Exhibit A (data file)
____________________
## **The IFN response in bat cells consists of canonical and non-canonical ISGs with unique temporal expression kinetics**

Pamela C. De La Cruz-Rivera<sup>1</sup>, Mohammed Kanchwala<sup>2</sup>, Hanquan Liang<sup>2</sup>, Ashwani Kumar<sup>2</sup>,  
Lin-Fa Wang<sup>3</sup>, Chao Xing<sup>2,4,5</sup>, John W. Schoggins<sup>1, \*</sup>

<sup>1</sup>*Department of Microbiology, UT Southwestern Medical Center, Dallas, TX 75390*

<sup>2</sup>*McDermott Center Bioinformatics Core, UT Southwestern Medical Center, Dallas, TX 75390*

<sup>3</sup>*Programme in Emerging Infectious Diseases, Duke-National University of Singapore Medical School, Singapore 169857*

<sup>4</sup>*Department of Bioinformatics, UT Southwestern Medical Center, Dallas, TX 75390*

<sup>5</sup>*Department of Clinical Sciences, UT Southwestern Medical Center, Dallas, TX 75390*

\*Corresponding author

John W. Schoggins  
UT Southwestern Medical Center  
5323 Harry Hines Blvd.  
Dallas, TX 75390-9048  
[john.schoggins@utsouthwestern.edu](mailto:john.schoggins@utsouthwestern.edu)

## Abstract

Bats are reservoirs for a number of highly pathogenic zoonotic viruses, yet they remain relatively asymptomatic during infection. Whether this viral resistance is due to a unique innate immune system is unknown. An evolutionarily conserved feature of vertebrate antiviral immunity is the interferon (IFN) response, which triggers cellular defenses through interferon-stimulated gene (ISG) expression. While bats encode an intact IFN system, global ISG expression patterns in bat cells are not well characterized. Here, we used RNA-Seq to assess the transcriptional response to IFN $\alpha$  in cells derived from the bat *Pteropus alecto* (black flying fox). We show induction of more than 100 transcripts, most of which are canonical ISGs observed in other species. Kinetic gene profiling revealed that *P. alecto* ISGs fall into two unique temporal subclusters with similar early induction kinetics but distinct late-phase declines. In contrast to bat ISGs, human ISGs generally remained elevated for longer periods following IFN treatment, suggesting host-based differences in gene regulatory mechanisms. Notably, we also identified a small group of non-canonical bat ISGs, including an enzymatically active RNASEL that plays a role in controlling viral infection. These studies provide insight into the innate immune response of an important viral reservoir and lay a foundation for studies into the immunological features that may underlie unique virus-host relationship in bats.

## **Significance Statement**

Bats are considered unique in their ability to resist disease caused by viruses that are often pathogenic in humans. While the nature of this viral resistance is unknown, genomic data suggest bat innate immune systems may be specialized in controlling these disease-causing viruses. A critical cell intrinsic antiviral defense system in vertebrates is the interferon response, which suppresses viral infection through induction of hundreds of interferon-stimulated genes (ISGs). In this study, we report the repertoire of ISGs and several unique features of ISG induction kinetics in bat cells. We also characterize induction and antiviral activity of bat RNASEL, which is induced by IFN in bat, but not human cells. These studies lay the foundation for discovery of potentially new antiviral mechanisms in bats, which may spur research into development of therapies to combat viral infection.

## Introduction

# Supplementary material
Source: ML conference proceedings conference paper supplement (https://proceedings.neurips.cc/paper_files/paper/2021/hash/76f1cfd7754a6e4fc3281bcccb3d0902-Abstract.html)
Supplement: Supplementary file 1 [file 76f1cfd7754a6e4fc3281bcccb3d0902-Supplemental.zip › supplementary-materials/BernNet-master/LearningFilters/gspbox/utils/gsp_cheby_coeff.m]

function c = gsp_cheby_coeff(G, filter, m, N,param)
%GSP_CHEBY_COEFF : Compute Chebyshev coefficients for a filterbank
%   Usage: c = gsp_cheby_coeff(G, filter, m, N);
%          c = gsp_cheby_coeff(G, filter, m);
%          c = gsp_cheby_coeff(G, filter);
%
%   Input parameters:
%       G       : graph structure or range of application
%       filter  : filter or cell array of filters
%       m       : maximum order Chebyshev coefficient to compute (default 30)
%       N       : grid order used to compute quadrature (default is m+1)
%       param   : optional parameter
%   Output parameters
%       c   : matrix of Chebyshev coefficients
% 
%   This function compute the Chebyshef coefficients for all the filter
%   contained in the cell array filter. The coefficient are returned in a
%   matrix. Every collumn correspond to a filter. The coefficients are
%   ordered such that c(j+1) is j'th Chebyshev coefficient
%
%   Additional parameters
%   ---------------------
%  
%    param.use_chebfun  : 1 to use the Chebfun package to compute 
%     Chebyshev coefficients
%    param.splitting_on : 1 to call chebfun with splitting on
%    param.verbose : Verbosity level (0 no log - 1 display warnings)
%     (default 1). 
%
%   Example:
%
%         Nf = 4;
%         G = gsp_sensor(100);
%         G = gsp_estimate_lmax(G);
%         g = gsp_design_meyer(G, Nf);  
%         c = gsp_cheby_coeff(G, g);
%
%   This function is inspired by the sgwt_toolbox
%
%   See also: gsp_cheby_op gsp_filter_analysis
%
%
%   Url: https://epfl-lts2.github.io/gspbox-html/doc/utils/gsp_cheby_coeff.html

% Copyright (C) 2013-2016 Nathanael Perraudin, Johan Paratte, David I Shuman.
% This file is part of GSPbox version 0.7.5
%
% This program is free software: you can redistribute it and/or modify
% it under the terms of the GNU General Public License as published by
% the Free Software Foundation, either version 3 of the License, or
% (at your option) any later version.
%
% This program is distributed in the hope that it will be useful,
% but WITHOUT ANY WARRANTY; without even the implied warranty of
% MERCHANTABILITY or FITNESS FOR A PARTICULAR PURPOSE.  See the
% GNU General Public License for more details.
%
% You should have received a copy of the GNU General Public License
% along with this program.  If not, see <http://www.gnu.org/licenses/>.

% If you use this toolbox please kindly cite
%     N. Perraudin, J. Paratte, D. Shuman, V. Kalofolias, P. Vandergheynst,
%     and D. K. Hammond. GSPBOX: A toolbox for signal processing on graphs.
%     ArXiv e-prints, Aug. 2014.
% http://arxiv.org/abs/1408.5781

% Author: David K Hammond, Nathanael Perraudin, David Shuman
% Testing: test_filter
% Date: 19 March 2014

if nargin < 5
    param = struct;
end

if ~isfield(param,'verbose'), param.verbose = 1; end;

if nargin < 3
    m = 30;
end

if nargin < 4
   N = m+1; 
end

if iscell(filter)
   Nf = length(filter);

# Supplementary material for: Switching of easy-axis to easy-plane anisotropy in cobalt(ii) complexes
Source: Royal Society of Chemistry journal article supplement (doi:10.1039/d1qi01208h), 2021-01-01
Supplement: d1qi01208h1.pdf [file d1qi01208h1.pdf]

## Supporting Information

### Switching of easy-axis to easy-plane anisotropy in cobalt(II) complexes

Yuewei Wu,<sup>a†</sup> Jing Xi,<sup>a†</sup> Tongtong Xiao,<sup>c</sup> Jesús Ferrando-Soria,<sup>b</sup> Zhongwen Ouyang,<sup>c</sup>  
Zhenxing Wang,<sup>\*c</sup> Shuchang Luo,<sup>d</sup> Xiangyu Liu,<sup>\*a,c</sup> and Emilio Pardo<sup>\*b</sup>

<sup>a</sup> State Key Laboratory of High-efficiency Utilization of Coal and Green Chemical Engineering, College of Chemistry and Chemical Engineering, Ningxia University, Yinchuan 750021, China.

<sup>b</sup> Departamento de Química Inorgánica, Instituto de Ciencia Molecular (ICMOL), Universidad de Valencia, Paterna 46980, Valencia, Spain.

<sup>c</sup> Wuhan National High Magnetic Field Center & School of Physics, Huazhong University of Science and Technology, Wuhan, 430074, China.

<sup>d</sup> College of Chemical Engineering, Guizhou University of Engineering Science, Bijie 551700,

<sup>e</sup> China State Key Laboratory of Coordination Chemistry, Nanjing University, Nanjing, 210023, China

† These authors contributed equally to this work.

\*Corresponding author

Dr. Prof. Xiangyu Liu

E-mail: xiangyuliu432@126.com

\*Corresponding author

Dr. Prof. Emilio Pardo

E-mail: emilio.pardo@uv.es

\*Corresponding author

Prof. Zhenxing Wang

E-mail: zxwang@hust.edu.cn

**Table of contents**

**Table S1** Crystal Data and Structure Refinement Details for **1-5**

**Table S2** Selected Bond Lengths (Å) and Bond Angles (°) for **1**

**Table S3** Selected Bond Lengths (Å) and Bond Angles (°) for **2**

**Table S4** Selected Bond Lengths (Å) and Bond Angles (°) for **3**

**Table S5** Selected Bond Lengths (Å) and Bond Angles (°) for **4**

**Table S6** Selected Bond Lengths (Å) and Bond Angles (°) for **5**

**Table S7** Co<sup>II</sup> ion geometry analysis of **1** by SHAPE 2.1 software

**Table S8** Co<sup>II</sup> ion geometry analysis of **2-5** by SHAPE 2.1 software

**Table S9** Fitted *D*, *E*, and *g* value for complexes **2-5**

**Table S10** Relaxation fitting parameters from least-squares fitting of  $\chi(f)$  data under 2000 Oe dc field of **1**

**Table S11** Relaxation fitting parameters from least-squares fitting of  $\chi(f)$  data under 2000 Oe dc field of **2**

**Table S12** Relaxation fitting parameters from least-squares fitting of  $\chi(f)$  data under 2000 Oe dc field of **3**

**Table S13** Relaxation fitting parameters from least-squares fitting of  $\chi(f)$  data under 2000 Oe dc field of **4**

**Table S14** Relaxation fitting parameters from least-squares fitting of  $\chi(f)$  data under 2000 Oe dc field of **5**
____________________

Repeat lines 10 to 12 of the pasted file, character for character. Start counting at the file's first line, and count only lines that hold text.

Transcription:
John W. Schoggins  
UT Southwestern Medical Center  
5323 Harry Hines Blvd.  